Hill built the curriculum to provide knowledge first, so when he pushed for new tools like multimeters and wire trackers, they were able to use them effectively. One of the biggest investments was to trade out the teams’ trucks for full-size service vans, he says. The new vehicles allowed the technicians to organize parts and tools, reducing costs in buying the same part repeatedly and allowing them to spend more time specifically on the repairs. It also helped the team present themselves as professionals separate from just another branch of landscaping. “As soon as we did that, it was a night and day difference. They’re walking billboards for Par 3 in our irrigation division with professionalism.”
With the investment in education and tools, the team was able to move past just dealing with ongoing repairs and getting the job done to a place where they used their expertise to get things right the first time.
“It really turned around the department and pushed us to profitability really soon,” he says. “It was awesome.” On top of providing water conservation for their clients, the irrigation department of Par 3 became profitable within eight months and began to be seen as the go-to irrigation resource in the community.
Hill is grateful for the opportunity to build and establish an entirely new department within the company, especially when it took some investment to get things moving. “Par 3 was gracious enough to take a chance with me,” he says. He also credits his management and his crew for stepping up to the challenge. “I was merely lucky to get with this great group of people. Without them, none of this would’ve happened.”
The Communication Specialist
Jason Walker, CIC, owner of Pate Landscape Company in Montgomery, Alabama, started at the company by working in the field after he graduated with his degree in horticulture. He joined the company in 1994, connecting his learning to hands-on practice, and eventually purchased it in 2021. “That experience is tremendous, it’s one of those things that you don’t want to repeat but you’re glad you did it,” he says.
Part of what he learned in his time coming up through the company was the importance of staying connected. A lot of trade industries are somewhat known for traditionally “being rough and gruff, where people don’t talk and they don’t communicate,” he says.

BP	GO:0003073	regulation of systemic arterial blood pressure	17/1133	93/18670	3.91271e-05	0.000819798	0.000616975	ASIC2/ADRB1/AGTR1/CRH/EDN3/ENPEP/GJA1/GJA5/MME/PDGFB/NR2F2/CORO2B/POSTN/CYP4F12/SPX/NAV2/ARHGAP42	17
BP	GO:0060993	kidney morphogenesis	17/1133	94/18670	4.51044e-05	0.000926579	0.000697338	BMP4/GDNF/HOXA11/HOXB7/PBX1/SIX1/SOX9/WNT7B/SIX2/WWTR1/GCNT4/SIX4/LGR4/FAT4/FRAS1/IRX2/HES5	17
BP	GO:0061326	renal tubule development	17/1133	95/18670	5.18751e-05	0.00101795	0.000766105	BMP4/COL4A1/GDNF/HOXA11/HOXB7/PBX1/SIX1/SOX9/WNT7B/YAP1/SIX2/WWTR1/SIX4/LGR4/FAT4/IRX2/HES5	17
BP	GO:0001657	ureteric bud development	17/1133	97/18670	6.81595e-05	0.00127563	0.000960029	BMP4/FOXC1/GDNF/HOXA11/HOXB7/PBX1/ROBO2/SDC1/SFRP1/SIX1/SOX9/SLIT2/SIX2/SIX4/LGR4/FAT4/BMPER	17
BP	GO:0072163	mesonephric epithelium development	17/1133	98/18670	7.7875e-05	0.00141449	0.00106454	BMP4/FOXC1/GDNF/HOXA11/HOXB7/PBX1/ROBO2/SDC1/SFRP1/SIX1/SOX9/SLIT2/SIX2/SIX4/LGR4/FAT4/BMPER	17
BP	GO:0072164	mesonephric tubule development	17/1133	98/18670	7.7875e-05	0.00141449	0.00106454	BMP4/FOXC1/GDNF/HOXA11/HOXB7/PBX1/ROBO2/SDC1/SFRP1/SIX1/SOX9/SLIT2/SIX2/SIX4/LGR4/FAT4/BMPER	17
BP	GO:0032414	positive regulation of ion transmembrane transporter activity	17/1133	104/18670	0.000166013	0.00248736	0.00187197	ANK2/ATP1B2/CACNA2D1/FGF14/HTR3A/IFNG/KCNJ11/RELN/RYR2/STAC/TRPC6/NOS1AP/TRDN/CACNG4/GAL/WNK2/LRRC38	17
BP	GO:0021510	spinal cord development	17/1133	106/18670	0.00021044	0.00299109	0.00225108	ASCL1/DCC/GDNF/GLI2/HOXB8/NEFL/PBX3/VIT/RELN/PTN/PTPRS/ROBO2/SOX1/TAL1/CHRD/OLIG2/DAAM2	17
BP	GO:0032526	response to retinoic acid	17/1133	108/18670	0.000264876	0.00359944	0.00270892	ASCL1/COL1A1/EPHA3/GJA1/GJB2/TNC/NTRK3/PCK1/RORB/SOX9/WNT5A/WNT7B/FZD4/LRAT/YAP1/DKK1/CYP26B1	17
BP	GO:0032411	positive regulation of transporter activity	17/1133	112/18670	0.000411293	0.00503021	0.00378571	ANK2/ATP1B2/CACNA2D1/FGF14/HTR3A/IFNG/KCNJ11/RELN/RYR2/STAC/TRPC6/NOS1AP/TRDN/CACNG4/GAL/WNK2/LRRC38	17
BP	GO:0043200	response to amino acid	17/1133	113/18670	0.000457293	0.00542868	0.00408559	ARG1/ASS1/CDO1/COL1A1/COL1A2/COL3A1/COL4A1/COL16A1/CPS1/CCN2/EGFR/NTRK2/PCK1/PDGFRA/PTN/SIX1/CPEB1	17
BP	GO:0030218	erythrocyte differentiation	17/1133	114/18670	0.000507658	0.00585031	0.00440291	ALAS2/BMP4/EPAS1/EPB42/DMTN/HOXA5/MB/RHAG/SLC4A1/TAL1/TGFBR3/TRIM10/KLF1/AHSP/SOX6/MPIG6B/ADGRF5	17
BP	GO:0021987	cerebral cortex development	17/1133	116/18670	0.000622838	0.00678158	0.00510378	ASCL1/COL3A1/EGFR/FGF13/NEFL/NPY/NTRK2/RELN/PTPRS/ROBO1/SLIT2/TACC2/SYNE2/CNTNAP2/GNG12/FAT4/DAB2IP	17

One of the big differences he saw between smaller and larger landscaping companies is the effort the owner made in keeping conversation open with management and crews. With a team of about 20 employees, he needed to learn from larger companies if he wanted to continue growing.
“Once you get to a certain size, the owner can’t be the operator,” he says. “It’s difficult when you have to take that step away to be the owner. You’ve got to communicate your intentions to the operator. I’m really big on having a chain of command.”
That started with making changes to the way Walker hired for upper-level management. Instead of just looking for industry experience, he made it a point to look for people who had a past in management and who shared his priorities as a manager. “If they need it, I can teach them landscaping a lot more easily than I can teach them management,” he says.
One of his current managers came from a background at a divinity college, he says. While he had to take some time to learn the industry, he’s been useful as someone who understands how to teach the crews and communicate goals clearly.
Walker encourages a company culture where even when there are mistakes, it’s clear that the expectation is that the discussion surrounding the solutions will be calm and direct. “I always tell my guys, even at the lowest levels, we don’t yell at each other,” he says.